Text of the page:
Have you ever made a New Year’s resolution and discovered within a short time that you had already broken it? Most of us have and late night comedians even joke about it. Why is breaking New Year’s resolutions such a common experience?

Think about the nature of many New Year’s resolutions. They usually sound something like:

“I will lose weight.” “I will get out of debt.” “I will stop eating sugar.”

Most New Year’s resolutions are about fixing or changing something about yourself that you or others would like to see differently. The implication is that something is wrong with you and that your life is supposed to be other than it is.

Such an emphasis places you firmly in the problem-focused Victim Orientation. You feel victimized by what you don’t like about yourself. Thus, your inner state becomes anxious and stressful. Over time, this self-criticism can become internally toxic and shaming.

Starting from a place of emotional anxiety and focusing on what you don’t like leads you down the road of disempowerment – even if the initial intention was seemingly one of improvement.  Eventually, as research shows over and over again, when it comes to problem-oriented self-improvement, you are very likely to give up on your New Year’s resolution.

Focusing on fixing yourself also places you in the Dreaded Drama Triangle (DDT)™ and makes you vulnerable to the toxic DDT roles. Because you feel like a Victim to what you don’t like, you can then be a Persecutor of yourself for not having it or not being perfect in sticking to the resolution, and quickly look for a Rescuer to help you feel better.  And that Rescuer is often to give up.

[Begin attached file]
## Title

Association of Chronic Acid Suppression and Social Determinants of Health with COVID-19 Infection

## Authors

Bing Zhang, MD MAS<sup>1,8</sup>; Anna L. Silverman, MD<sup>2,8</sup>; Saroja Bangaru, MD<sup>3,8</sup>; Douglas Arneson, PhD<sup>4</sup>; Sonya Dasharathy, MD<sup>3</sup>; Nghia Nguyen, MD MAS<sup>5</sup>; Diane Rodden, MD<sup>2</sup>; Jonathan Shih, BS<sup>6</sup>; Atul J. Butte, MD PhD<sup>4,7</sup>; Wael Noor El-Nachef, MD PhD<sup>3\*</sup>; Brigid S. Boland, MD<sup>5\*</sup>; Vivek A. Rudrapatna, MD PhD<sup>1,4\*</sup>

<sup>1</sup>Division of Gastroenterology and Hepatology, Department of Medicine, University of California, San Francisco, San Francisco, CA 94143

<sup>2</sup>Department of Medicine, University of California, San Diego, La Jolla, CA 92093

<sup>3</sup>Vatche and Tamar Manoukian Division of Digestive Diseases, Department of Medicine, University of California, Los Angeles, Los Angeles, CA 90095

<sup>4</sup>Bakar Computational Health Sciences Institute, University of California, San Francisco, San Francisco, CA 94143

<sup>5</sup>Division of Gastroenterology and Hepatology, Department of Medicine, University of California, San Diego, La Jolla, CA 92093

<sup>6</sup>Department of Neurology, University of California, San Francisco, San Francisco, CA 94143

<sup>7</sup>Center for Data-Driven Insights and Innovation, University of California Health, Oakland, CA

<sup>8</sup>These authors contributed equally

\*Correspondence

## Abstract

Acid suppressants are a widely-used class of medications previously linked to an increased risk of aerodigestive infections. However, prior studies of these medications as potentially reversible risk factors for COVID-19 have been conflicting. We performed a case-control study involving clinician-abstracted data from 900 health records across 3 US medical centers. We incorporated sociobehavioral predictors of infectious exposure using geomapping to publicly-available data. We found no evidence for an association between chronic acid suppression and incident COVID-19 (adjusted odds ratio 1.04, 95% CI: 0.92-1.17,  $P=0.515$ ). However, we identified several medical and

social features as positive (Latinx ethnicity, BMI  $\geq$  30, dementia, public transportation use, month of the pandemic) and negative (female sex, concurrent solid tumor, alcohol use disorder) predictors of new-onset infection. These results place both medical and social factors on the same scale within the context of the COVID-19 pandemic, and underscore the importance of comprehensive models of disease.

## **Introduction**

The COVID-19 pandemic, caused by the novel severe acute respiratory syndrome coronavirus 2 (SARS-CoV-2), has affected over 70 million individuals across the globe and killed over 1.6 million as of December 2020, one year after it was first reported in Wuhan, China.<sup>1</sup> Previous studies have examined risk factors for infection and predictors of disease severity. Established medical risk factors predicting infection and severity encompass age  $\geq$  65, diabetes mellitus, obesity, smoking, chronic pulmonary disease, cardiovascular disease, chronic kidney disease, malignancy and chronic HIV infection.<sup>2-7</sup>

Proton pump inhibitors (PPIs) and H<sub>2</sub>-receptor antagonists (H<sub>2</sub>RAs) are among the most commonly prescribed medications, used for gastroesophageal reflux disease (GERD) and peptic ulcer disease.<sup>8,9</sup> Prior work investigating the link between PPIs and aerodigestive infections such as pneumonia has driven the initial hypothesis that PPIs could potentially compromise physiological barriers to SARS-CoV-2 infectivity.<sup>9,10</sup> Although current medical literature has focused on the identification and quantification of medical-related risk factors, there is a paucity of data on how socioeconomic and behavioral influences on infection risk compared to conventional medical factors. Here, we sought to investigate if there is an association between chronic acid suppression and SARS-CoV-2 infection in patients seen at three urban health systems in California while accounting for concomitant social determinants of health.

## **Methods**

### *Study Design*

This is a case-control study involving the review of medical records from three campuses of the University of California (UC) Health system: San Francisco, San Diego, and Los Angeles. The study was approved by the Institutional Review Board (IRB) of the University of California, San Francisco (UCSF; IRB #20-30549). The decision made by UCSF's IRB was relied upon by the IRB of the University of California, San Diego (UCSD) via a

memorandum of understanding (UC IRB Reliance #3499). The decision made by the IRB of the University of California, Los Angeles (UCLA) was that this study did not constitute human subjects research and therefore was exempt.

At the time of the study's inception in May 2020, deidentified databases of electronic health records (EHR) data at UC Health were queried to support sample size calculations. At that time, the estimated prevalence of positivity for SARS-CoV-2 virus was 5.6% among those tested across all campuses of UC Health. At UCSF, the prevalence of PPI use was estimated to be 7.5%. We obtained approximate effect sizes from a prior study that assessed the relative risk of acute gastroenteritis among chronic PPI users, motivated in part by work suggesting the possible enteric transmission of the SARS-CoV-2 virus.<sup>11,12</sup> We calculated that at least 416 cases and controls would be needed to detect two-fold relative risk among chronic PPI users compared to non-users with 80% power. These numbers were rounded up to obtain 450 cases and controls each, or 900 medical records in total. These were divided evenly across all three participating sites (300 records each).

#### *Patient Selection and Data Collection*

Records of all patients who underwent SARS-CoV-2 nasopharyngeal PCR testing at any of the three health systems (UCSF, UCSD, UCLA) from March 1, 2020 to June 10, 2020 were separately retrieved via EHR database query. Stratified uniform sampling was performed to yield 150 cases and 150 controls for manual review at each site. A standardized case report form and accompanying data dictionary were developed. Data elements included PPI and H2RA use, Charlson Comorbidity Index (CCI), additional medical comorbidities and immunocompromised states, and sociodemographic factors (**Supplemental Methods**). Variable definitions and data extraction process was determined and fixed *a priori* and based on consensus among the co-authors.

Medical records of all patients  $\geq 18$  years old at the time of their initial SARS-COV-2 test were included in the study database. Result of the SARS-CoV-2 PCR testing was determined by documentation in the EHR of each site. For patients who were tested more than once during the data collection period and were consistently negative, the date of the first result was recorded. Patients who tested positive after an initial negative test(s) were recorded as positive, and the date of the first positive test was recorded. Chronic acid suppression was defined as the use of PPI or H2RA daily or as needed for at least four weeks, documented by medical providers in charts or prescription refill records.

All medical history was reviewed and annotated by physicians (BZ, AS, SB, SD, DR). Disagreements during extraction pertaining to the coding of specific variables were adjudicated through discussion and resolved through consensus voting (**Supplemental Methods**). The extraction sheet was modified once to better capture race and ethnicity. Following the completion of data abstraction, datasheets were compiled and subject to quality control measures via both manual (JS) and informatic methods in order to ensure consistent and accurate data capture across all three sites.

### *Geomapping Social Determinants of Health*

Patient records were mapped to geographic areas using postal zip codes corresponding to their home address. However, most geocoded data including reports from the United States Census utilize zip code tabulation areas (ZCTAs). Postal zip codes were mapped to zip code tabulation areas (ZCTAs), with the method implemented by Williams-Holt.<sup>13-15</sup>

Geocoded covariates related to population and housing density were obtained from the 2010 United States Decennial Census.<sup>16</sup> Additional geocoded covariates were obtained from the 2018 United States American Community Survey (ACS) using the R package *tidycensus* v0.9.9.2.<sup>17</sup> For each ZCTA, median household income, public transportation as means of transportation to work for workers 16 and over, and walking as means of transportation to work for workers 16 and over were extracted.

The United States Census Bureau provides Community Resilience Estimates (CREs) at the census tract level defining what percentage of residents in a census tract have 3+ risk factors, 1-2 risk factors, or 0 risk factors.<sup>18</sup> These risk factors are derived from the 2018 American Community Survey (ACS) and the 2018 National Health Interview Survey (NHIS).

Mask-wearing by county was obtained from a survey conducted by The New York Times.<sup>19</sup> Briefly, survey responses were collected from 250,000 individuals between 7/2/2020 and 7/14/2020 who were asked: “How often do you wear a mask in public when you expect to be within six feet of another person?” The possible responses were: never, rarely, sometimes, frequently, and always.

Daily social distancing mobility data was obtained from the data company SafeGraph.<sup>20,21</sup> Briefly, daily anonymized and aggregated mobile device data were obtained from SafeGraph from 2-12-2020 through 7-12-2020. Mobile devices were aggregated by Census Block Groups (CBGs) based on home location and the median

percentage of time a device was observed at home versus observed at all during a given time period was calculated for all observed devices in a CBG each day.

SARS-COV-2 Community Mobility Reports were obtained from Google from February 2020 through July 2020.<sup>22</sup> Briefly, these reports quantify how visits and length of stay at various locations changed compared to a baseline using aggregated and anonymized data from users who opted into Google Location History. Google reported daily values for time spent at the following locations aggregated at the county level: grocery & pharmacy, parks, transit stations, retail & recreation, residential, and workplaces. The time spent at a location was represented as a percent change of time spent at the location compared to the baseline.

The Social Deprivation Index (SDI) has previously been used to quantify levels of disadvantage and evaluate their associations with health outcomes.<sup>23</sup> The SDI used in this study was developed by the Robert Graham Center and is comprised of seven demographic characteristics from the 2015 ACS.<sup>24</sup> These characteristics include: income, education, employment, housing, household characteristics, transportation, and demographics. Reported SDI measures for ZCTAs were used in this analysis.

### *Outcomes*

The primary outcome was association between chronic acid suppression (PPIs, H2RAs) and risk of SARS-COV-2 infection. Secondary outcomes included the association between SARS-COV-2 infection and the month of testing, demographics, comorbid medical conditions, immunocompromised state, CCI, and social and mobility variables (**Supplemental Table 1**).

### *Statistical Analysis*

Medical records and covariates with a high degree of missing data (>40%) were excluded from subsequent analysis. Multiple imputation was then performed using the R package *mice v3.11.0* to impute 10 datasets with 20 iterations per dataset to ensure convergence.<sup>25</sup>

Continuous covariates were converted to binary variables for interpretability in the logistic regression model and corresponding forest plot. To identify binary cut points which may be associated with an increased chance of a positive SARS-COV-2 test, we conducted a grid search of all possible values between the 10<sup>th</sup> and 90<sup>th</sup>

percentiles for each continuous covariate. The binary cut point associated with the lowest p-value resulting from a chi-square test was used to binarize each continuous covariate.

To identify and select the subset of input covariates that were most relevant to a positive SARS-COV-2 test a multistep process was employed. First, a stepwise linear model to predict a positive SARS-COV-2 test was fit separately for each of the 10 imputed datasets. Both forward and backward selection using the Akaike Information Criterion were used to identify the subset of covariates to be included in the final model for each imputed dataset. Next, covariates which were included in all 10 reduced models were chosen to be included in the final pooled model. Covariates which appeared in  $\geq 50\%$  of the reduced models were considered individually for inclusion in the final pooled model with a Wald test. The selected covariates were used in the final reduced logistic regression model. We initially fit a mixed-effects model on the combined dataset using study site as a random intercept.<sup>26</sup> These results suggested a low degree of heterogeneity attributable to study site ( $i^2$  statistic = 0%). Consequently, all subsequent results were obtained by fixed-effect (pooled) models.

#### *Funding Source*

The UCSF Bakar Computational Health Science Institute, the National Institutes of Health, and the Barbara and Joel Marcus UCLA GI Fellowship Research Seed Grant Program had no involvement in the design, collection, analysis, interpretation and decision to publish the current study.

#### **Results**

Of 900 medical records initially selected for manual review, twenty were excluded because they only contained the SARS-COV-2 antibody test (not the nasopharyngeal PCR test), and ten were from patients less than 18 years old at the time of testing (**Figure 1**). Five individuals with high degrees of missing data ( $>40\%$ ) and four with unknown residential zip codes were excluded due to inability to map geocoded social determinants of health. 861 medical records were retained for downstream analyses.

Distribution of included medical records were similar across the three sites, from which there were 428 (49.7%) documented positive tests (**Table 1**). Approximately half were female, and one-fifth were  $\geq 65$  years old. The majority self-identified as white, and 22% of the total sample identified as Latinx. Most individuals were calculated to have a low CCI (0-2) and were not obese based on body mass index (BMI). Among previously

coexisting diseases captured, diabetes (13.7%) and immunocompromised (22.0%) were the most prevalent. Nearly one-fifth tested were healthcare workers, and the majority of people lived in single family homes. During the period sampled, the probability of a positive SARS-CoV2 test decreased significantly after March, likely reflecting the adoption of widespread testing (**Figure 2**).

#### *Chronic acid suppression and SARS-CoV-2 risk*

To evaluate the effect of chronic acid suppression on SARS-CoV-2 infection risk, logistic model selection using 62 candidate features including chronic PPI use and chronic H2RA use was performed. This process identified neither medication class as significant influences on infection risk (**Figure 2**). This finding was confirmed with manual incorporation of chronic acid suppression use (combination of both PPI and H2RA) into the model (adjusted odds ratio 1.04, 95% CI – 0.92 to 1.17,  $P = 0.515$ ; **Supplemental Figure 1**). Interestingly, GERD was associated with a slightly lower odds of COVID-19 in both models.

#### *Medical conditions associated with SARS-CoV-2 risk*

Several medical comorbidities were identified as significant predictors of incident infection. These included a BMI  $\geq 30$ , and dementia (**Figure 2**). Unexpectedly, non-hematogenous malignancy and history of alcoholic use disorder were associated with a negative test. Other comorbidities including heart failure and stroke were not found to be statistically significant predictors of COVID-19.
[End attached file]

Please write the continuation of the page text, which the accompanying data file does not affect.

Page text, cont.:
When you are coming from a Victim Orientation and engaging the DDT, you are actually working against yourself. The more your focus is on how you “should” be this or that, the more your ego digs in, becomes defensive and refuses to change. That’s why New Year’s resolutions that are about fixing yourself are likely to fail.

A healthier approach is to set your intentions from a Creator Orientation and TED* (*The Empowerment Dynamic)™. Start by focusing on what you care about, which evokes your passion and appreciation for who you are, or what you want to create. Instead of setting a goal, clarify an inspiring outcome that sets a long-term direction.

In training programs, Donna tells a story from several years back about how her inner-Coach helped her to shift from a problem-focused resolution of “losing 20 pounds – again” to an outcome inspiration she holds even today, which is “be healthy as I age.”

We suggest focusing your time and energy on what you want – what has heart and meaning and inspires you – in 2016. Then, on a daily basis ask yourself: “What is one Baby Step I can take toward my envisioned outcome today?” Focusing on what you want to create rather than what you don’t want will dramatically increases the likelihood you will actually take action toward manifesting what you want in life.

Clarifying what you want and holding that mental picture in your consciousness will create an inner state of purpose and passion and give you energy to take those Baby Steps. That’s the path toward an empowered New Year!

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